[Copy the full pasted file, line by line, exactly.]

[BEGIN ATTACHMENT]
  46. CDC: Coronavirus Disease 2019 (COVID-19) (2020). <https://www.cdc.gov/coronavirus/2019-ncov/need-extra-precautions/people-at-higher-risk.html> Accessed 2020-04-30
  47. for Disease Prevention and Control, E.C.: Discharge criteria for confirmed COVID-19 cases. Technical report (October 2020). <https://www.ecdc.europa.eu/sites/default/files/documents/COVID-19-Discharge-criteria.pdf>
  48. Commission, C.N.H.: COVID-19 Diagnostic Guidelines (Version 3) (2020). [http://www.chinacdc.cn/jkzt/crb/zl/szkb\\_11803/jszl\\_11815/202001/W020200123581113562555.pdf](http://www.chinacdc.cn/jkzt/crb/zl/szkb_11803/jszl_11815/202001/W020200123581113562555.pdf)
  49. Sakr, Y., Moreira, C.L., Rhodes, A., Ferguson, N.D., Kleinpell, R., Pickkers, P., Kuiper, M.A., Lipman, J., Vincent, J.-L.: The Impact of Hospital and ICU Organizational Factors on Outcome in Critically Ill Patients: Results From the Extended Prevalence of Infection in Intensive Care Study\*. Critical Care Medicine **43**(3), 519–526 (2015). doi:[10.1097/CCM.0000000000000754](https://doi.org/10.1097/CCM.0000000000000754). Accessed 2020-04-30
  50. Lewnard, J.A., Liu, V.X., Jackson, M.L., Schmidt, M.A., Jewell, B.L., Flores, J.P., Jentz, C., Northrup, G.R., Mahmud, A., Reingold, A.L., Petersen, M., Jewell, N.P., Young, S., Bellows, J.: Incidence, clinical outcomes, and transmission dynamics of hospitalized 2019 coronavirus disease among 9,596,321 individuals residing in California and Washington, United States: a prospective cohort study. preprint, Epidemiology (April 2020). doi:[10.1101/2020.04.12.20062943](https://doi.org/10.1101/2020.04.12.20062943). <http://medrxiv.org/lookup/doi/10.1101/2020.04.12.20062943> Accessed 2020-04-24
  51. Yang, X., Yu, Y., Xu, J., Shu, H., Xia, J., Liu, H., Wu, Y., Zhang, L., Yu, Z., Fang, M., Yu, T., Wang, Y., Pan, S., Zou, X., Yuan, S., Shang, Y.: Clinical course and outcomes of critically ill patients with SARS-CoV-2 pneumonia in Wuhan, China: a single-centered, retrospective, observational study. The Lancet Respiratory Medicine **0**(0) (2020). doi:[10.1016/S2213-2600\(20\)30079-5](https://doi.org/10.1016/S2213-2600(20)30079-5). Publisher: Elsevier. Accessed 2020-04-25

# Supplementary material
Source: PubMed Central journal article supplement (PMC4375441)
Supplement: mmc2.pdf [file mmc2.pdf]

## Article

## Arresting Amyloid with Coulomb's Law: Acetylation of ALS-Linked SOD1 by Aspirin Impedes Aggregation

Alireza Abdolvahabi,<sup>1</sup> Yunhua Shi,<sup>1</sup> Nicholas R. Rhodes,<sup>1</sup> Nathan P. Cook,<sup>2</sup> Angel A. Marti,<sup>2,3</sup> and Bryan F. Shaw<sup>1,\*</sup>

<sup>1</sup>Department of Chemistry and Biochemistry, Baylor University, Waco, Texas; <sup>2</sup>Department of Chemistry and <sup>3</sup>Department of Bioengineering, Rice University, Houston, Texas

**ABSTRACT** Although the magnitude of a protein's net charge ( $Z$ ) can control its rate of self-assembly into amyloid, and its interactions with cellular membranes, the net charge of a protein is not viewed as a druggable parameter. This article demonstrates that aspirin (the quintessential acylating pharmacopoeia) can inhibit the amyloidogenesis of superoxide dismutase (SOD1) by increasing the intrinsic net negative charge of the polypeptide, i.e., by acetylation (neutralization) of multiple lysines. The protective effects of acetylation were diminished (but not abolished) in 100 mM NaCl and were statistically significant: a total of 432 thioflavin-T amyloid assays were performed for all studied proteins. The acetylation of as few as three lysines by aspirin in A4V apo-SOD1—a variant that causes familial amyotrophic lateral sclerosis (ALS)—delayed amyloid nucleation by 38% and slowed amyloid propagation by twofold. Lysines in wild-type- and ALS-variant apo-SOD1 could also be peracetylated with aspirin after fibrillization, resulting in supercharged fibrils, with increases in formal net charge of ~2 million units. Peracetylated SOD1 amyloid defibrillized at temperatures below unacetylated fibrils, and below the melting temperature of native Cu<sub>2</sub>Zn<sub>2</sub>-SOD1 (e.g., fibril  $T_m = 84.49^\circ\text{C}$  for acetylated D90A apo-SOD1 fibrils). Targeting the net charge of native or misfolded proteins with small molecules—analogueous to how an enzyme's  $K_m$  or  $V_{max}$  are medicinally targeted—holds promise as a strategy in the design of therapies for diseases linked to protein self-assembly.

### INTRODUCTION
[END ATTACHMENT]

  46. CDC: Coronavirus Disease 2019 (COVID-19) (2020). <https://www.cdc.gov/coronavirus/2019-ncov/need-extra-precautions/people-at-higher-risk.html> Accessed 2020-04-30
  47. for Disease Prevention and Control, E.C.: Discharge criteria for confirmed COVID-19 cases. Technical report (October 2020). <https://www.ecdc.europa.eu/sites/default/files/documents/COVID-19-Discharge-criteria.pdf>
  48. Commission, C.N.H.: COVID-19 Diagnostic Guidelines (Version 3) (2020). [http://www.chinacdc.cn/jkzt/crb/zl/szkb\\_11803/jszl\\_11815/202001/W020200123581113562555.pdf](http://www.chinacdc.cn/jkzt/crb/zl/szkb_11803/jszl_11815/202001/W020200123581113562555.pdf)
  49. Sakr, Y., Moreira, C.L., Rhodes, A., Ferguson, N.D., Kleinpell, R., Pickkers, P., Kuiper, M.A., Lipman, J., Vincent, J.-L.: The Impact of Hospital and ICU Organizational Factors on Outcome in Critically Ill Patients: Results From the Extended Prevalence of Infection in Intensive Care Study\*. Critical Care Medicine **43**(3), 519–526 (2015). doi:[10.1097/CCM.0000000000000754](https://doi.org/10.1097/CCM.0000000000000754). Accessed 2020-04-30
  50. Lewnard, J.A., Liu, V.X., Jackson, M.L., Schmidt, M.A., Jewell, B.L., Flores, J.P., Jentz, C., Northrup, G.R., Mahmud, A., Reingold, A.L., Petersen, M., Jewell, N.P., Young, S., Bellows, J.: Incidence, clinical outcomes, and transmission dynamics of hospitalized 2019 coronavirus disease among 9,596,321 individuals residing in California and Washington, United States: a prospective cohort study. preprint, Epidemiology (April 2020). doi:[10.1101/2020.04.12.20062943](https://doi.org/10.1101/2020.04.12.20062943). <http://medrxiv.org/lookup/doi/10.1101/2020.04.12.20062943> Accessed 2020-04-24
  51. Yang, X., Yu, Y., Xu, J., Shu, H., Xia, J., Liu, H., Wu, Y., Zhang, L., Yu, Z., Fang, M., Yu, T., Wang, Y., Pan, S., Zou, X., Yuan, S., Shang, Y.: Clinical course and outcomes of critically ill patients with SARS-CoV-2 pneumonia in Wuhan, China: a single-centered, retrospective, observational study. The Lancet Respiratory Medicine **0**(0) (2020). doi:[10.1016/S2213-2600\(20\)30079-5](https://doi.org/10.1016/S2213-2600(20)30079-5). Publisher: Elsevier. Accessed 2020-04-25

# Supplementary material
Source: PubMed Central journal article supplement (PMC4375441)
Supplement: mmc2.pdf [file mmc2.pdf]

## Article

## Arresting Amyloid with Coulomb's Law: Acetylation of ALS-Linked SOD1 by Aspirin Impedes Aggregation

Alireza Abdolvahabi,<sup>1</sup> Yunhua Shi,<sup>1</sup> Nicholas R. Rhodes,<sup>1</sup> Nathan P. Cook,<sup>2</sup> Angel A. Marti,<sup>2,3</sup> and Bryan F. Shaw<sup>1,\*</sup>

<sup>1</sup>Department of Chemistry and Biochemistry, Baylor University, Waco, Texas; <sup>2</sup>Department of Chemistry and <sup>3</sup>Department of Bioengineering, Rice University, Houston, Texas

**ABSTRACT** Although the magnitude of a protein's net charge ( $Z$ ) can control its rate of self-assembly into amyloid, and its interactions with cellular membranes, the net charge of a protein is not viewed as a druggable parameter. This article demonstrates that aspirin (the quintessential acylating pharmacopoeia) can inhibit the amyloidogenesis of superoxide dismutase (SOD1) by increasing the intrinsic net negative charge of the polypeptide, i.e., by acetylation (neutralization) of multiple lysines. The protective effects of acetylation were diminished (but not abolished) in 100 mM NaCl and were statistically significant: a total of 432 thioflavin-T amyloid assays were performed for all studied proteins. The acetylation of as few as three lysines by aspirin in A4V apo-SOD1—a variant that causes familial amyotrophic lateral sclerosis (ALS)—delayed amyloid nucleation by 38% and slowed amyloid propagation by twofold. Lysines in wild-type- and ALS-variant apo-SOD1 could also be peracetylated with aspirin after fibrillization, resulting in supercharged fibrils, with increases in formal net charge of ~2 million units. Peracetylated SOD1 amyloid defibrillized at temperatures below unacetylated fibrils, and below the melting temperature of native Cu<sub>2</sub>Zn<sub>2</sub>-SOD1 (e.g., fibril  $T_m = 84.49^\circ\text{C}$  for acetylated D90A apo-SOD1 fibrils). Targeting the net charge of native or misfolded proteins with small molecules—analogueous to how an enzyme's  $K_m$  or  $V_{max}$  are medicinally targeted—holds promise as a strategy in the design of therapies for diseases linked to protein self-assembly.

### INTRODUCTION